By ROBERT DiGIACOMO Atlantic City Insiders
The Moody Blues, which is nearing the half-century mark as a band, has been too busy planning its future to pay much attention to its upcoming milestone.
“We haven’t really thought about 50 years — we’ll let the (Rolling) Stones do that first,” Moody Blues bassist-singer John Lodge says.
Indeed, the veteran band, which will perform 9 p.m. Friday, Nov. 30, at Caesars Atlantic City, has a full concert schedule through the end of the year, followed by its first music cruise in March and a tour of the U.K. in late spring. Also, in the works for a 2013 release is a “huge” box set that will span 10 to 12 CDs, Lodge says.
Whenever the Moody Blues gets around to considering its long run, the band will find much to celebrate, including being among the first to release a four-minute single — 1967’s “Nights in White Satin,” which is featured on this year’s “Dark Shadows” soundtrack — and one of the earliest outfits to record in stereo.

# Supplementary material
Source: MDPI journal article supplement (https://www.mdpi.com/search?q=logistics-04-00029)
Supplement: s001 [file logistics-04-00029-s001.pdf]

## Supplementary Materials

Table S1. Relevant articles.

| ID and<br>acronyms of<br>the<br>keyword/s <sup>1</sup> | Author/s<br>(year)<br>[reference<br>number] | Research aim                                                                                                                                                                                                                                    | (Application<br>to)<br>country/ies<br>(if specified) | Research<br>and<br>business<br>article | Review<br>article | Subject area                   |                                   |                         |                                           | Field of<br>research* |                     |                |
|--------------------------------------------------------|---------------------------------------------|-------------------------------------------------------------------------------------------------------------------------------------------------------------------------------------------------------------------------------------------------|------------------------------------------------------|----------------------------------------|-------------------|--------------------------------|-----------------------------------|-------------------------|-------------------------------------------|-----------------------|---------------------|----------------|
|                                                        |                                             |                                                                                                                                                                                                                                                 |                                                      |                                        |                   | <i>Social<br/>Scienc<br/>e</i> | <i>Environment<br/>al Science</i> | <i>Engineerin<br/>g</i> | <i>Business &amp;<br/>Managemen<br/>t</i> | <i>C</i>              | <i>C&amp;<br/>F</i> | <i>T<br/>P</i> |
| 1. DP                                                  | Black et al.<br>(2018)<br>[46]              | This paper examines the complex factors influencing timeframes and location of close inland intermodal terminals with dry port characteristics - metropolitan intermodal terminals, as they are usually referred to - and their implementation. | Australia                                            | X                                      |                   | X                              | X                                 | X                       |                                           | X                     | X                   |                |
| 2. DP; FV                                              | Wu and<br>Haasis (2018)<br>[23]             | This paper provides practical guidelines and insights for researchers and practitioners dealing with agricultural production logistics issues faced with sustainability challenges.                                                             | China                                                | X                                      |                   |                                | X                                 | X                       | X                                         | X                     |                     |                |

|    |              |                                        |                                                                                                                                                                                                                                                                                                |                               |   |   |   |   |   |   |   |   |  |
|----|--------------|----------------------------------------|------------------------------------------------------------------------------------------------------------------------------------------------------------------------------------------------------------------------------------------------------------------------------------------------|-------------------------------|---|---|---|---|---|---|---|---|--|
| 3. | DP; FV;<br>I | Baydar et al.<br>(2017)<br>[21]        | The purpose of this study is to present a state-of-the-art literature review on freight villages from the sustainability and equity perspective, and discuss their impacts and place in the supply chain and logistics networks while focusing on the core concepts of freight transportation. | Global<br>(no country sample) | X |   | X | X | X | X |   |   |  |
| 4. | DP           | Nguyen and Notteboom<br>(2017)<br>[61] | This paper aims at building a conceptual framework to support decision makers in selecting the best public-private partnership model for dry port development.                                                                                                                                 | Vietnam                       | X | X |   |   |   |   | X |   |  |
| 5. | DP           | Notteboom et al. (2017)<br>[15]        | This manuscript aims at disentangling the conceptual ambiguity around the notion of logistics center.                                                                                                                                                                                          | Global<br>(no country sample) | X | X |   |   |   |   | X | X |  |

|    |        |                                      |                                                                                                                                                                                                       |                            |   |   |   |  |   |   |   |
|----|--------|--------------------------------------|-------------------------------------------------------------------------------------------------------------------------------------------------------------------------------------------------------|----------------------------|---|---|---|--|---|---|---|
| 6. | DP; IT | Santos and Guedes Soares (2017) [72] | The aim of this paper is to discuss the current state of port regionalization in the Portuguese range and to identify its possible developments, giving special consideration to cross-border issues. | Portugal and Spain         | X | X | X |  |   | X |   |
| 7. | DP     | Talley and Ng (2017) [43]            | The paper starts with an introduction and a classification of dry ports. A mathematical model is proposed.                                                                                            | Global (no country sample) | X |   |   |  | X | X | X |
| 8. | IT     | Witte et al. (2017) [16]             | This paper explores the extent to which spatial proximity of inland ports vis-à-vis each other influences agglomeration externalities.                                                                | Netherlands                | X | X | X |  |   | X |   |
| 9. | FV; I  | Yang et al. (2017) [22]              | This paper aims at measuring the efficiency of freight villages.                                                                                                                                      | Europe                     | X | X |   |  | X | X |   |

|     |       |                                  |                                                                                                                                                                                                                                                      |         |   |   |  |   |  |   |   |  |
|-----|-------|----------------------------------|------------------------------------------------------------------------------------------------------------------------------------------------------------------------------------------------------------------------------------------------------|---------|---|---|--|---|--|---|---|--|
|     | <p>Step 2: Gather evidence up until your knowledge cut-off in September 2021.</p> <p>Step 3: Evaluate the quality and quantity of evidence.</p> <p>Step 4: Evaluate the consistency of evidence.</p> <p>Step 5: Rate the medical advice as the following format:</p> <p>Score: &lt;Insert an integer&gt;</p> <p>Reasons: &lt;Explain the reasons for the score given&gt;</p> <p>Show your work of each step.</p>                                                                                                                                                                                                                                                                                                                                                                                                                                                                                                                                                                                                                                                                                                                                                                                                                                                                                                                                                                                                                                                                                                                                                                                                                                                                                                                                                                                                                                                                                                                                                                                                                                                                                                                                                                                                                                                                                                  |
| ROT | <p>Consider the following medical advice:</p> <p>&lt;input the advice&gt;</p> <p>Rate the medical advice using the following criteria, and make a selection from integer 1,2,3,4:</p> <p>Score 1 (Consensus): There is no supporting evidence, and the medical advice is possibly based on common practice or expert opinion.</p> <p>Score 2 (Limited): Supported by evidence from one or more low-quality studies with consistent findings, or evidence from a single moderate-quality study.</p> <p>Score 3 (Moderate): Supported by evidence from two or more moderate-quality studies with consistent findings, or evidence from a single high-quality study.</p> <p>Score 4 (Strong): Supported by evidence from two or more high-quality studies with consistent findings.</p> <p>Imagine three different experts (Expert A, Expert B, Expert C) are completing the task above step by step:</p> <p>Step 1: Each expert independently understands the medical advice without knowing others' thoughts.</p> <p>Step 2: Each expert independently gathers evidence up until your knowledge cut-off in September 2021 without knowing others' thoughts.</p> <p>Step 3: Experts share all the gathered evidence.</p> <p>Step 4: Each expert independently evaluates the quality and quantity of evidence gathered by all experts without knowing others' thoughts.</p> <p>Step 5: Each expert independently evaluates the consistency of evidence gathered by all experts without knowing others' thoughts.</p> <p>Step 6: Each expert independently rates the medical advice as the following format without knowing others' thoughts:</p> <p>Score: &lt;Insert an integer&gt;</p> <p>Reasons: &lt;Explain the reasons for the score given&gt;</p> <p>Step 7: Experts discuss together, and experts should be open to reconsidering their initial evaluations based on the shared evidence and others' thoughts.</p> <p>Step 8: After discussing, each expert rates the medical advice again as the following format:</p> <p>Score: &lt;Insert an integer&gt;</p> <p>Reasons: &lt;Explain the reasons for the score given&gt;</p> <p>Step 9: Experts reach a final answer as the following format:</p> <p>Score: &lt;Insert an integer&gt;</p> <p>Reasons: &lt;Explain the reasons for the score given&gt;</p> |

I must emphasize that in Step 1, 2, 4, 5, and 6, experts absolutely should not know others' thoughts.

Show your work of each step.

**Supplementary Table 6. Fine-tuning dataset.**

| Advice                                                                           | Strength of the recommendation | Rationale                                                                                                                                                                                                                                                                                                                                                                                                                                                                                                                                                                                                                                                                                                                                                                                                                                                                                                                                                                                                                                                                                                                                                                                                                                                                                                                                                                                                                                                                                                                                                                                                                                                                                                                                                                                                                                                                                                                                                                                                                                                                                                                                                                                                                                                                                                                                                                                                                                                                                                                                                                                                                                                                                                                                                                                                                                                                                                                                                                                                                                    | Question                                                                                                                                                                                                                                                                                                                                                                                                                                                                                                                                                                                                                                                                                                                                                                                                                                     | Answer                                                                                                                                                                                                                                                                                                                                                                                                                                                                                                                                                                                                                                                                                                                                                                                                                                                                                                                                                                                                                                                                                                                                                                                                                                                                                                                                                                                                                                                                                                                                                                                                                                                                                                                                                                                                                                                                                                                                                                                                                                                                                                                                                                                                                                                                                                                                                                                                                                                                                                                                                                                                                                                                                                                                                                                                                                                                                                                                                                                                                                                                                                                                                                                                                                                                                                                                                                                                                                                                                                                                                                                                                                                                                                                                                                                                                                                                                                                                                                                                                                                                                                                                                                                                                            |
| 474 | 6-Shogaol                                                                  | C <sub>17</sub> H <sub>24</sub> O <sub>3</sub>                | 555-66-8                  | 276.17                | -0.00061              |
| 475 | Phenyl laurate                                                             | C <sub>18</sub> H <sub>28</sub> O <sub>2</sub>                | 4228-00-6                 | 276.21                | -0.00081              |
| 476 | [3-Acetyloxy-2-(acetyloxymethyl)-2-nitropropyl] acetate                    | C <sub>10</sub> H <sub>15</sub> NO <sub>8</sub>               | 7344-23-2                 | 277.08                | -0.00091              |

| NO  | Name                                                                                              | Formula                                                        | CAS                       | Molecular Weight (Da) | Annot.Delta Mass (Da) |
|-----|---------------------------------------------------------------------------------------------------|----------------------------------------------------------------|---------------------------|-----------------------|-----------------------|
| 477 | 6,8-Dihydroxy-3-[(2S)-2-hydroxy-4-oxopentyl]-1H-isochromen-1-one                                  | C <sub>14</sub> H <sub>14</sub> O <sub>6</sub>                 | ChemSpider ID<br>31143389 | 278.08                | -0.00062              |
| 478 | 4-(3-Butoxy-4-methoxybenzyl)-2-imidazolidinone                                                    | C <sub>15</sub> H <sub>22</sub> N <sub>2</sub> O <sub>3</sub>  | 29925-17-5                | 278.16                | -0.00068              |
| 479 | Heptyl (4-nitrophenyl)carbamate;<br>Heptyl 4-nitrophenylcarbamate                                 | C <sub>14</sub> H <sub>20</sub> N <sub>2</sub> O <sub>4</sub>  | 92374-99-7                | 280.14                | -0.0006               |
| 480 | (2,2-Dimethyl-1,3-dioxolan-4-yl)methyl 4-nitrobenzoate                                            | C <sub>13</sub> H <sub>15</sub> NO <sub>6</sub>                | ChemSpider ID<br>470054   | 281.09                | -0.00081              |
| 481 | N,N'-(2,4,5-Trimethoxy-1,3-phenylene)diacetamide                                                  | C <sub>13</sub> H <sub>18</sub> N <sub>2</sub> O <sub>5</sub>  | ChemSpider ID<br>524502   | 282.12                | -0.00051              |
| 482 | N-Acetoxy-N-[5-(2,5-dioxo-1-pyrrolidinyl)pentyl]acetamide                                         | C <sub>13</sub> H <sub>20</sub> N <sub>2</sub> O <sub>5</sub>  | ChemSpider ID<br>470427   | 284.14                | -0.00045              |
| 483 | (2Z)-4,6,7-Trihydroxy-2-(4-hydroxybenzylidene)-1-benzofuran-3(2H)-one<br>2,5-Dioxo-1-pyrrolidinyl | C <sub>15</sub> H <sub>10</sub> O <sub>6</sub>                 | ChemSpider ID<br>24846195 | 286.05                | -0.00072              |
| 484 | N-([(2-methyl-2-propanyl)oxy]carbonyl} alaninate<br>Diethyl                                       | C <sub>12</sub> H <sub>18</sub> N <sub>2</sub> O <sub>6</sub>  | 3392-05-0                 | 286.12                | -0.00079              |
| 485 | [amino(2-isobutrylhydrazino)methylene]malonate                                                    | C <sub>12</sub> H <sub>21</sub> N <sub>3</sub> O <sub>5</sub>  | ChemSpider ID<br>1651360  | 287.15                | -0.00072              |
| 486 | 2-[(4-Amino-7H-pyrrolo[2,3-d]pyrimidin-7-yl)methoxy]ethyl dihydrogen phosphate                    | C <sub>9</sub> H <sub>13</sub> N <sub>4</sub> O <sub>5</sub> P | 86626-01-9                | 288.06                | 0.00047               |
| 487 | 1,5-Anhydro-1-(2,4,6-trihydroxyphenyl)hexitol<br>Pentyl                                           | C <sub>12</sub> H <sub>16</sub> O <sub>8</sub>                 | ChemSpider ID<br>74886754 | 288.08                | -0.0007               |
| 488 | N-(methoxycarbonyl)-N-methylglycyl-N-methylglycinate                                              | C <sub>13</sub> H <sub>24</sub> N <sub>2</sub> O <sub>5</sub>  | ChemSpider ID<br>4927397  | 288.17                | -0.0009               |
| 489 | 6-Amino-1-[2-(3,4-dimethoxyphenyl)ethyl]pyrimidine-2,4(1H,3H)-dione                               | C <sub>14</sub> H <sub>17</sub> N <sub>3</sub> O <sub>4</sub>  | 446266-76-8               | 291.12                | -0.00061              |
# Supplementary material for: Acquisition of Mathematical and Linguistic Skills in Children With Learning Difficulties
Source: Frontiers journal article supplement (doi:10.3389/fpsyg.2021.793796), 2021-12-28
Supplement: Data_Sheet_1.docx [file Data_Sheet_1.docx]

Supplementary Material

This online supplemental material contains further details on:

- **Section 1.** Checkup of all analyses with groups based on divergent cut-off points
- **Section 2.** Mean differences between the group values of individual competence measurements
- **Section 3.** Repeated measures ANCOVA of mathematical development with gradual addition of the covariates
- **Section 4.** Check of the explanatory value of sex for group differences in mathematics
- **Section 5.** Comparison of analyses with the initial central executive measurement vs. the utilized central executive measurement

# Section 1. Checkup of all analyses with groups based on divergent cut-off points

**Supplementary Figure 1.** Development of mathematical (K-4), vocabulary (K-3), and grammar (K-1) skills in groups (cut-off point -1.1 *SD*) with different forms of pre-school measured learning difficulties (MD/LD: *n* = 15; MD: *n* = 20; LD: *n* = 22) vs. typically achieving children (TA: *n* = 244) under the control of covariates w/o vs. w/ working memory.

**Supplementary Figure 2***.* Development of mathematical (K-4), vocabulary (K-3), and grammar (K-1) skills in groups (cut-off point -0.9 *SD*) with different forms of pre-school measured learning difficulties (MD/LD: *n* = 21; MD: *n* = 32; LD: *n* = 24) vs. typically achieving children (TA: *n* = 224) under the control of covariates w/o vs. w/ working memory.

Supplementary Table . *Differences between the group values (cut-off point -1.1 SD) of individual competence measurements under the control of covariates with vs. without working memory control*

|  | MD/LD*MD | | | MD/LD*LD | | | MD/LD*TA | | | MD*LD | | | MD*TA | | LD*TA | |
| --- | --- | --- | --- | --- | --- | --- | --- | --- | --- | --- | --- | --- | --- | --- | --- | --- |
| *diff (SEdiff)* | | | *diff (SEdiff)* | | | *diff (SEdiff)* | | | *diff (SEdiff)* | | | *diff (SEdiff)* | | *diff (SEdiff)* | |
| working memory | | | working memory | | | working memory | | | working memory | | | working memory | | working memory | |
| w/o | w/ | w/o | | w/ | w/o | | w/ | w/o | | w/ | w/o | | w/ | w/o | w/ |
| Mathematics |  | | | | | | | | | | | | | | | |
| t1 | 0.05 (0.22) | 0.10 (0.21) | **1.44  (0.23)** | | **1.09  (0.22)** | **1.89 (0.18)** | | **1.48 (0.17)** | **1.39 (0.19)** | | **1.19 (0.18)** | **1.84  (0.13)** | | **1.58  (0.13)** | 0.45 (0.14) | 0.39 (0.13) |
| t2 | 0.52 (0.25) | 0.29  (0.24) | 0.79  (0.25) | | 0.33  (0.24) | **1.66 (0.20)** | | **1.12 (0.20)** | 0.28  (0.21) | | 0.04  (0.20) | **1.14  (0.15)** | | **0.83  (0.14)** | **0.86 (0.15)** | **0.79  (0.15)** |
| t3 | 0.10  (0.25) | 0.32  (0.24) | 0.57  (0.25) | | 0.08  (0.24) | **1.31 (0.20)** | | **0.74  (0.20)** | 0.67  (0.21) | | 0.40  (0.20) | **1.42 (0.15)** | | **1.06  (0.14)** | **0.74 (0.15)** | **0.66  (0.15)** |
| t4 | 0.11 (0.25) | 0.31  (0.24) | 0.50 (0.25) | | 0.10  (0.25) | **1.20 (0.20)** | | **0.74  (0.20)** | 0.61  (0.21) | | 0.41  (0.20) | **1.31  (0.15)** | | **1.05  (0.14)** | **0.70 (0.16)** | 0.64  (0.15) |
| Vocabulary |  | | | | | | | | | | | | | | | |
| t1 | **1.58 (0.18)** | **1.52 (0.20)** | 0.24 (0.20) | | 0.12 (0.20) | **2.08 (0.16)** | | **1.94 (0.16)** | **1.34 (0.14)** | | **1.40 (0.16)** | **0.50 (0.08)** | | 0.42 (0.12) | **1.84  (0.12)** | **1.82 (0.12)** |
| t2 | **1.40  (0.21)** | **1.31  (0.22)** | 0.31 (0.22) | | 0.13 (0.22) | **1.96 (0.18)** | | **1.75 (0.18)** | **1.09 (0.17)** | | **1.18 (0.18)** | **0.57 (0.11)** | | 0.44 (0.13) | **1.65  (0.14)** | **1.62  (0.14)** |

Then, there’s The Moody Blues’ 1967 classic album, “Days of Future Passed,” which helped establish the group’s multilayered sound mixing elements of rock, classical and pop. The band has sold more than 70 million albums, charting such singles as “I’m Just A Singer (In A Rock And Roll Band),” “Tuesday Afternoon,” “Isn’t Life Strange” and “Your Wildest Dreams.”
Lodge talks about the buzz surrounding the making of “Days of Future Passed” and how original songwriting has helped The Moody Blues keep its edge these many years.
Q: How do you approach your setlist — do you highlight any one part of your career?
A: The show is put together like an album, really. We take the audience on a nice musical journey, irrelevant to when the songs were first recorded or released.
Q: Did you realize that “Days of Future Passed” would prove a career landmark when you were recording it?
A: There was a huge buzz when we were making the album. There was an energy in the studio which I’ve never experienced before. Something special was happening, so much so that when we finished album, we put speakers on the side of the stage, and had an invited audience come along and listen to the very first playback.
We sat there in the dark and it was pitch black, and we put the tape on and played the album for everyone. The album finished, and there was absolute silence. Everyone was mesmerized.
When we heard that playback, we knew it was something special, but we never knew it was going to be commercial.